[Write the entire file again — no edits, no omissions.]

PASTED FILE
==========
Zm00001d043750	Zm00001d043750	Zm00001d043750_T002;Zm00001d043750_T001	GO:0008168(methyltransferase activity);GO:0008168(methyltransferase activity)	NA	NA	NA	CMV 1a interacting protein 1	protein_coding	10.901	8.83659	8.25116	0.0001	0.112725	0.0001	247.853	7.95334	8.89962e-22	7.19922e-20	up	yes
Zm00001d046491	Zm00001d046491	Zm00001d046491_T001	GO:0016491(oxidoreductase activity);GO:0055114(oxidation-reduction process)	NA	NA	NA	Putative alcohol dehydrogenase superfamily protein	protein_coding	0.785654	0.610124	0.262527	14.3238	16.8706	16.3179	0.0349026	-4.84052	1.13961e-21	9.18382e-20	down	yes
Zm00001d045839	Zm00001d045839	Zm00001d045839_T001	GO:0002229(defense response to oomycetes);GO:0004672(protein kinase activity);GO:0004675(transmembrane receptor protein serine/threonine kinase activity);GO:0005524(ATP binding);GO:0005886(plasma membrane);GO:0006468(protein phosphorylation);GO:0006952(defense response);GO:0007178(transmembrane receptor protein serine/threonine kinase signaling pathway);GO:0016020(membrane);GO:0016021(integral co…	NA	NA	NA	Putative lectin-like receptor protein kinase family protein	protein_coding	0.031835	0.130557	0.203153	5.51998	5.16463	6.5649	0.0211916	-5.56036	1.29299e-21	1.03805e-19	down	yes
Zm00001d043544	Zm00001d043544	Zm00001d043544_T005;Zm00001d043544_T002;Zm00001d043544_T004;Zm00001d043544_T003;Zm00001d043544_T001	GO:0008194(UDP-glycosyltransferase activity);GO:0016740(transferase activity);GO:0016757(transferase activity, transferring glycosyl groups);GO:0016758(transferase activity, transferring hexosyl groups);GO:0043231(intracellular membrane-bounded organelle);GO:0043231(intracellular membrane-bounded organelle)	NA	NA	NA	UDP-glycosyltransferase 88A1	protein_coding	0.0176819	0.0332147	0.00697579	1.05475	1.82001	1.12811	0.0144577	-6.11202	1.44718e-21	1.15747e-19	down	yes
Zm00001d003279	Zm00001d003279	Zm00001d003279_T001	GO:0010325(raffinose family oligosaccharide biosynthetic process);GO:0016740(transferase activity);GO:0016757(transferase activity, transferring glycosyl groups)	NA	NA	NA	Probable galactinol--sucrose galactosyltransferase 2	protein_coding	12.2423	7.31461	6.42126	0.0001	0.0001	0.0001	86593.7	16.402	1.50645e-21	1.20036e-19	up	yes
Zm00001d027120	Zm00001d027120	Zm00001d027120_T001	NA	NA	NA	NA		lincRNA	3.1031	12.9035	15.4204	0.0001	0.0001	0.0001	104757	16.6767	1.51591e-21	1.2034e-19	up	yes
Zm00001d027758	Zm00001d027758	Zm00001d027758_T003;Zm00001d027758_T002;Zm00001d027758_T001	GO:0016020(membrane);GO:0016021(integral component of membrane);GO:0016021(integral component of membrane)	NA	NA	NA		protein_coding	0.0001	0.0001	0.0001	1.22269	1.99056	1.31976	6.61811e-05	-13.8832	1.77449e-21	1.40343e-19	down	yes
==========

Zm00001d043750	Zm00001d043750	Zm00001d043750_T002;Zm00001d043750_T001	GO:0008168(methyltransferase activity);GO:0008168(methyltransferase activity)	NA	NA	NA	CMV 1a interacting protein 1	protein_coding	10.901	8.83659	8.25116	0.0001	0.112725	0.0001	247.853	7.95334	8.89962e-22	7.19922e-20	up	yes
Zm00001d046491	Zm00001d046491	Zm00001d046491_T001	GO:0016491(oxidoreductase activity);GO:0055114(oxidation-reduction process)	NA	NA	NA	Putative alcohol dehydrogenase superfamily protein	protein_coding	0.785654	0.610124	0.262527	14.3238	16.8706	16.3179	0.0349026	-4.84052	1.13961e-21	9.18382e-20	down	yes
Zm00001d045839	Zm00001d045839	Zm00001d045839_T001	GO:0002229(defense response to oomycetes);GO:0004672(protein kinase activity);GO:0004675(transmembrane receptor protein serine/threonine kinase activity);GO:0005524(ATP binding);GO:0005886(plasma membrane);GO:0006468(protein phosphorylation);GO:0006952(defense response);GO:0007178(transmembrane receptor protein serine/threonine kinase signaling pathway);GO:0016020(membrane);GO:0016021(integral co…	NA	NA	NA	Putative lectin-like receptor protein kinase family protein	protein_coding	0.031835	0.130557	0.203153	5.51998	5.16463	6.5649	0.0211916	-5.56036	1.29299e-21	1.03805e-19	down	yes
Zm00001d043544	Zm00001d043544	Zm00001d043544_T005;Zm00001d043544_T002;Zm00001d043544_T004;Zm00001d043544_T003;Zm00001d043544_T001	GO:0008194(UDP-glycosyltransferase activity);GO:0016740(transferase activity);GO:0016757(transferase activity, transferring glycosyl groups);GO:0016758(transferase activity, transferring hexosyl groups);GO:0043231(intracellular membrane-bounded organelle);GO:0043231(intracellular membrane-bounded organelle)	NA	NA	NA	UDP-glycosyltransferase 88A1	protein_coding	0.0176819	0.0332147	0.00697579	1.05475	1.82001	1.12811	0.0144577	-6.11202	1.44718e-21	1.15747e-19	down	yes
Zm00001d003279	Zm00001d003279	Zm00001d003279_T001	GO:0010325(raffinose family oligosaccharide biosynthetic process);GO:0016740(transferase activity);GO:0016757(transferase activity, transferring glycosyl groups)	NA	NA	NA	Probable galactinol--sucrose galactosyltransferase 2	protein_coding	12.2423	7.31461	6.42126	0.0001	0.0001	0.0001	86593.7	16.402	1.50645e-21	1.20036e-19	up	yes
Zm00001d027120	Zm00001d027120	Zm00001d027120_T001	NA	NA	NA	NA		lincRNA	3.1031	12.9035	15.4204	0.0001	0.0001	0.0001	104757	16.6767	1.51591e-21	1.2034e-19	up	yes
Zm00001d027758	Zm00001d027758	Zm00001d027758_T003;Zm00001d027758_T002;Zm00001d027758_T001	GO:0016020(membrane);GO:0016021(integral component of membrane);GO:0016021(integral component of membrane)	NA	NA	NA		protein_coding	0.0001	0.0001	0.0001	1.22269	1.99056	1.31976	6.61811e-05	-13.8832	1.77449e-21	1.40343e-19	down	yes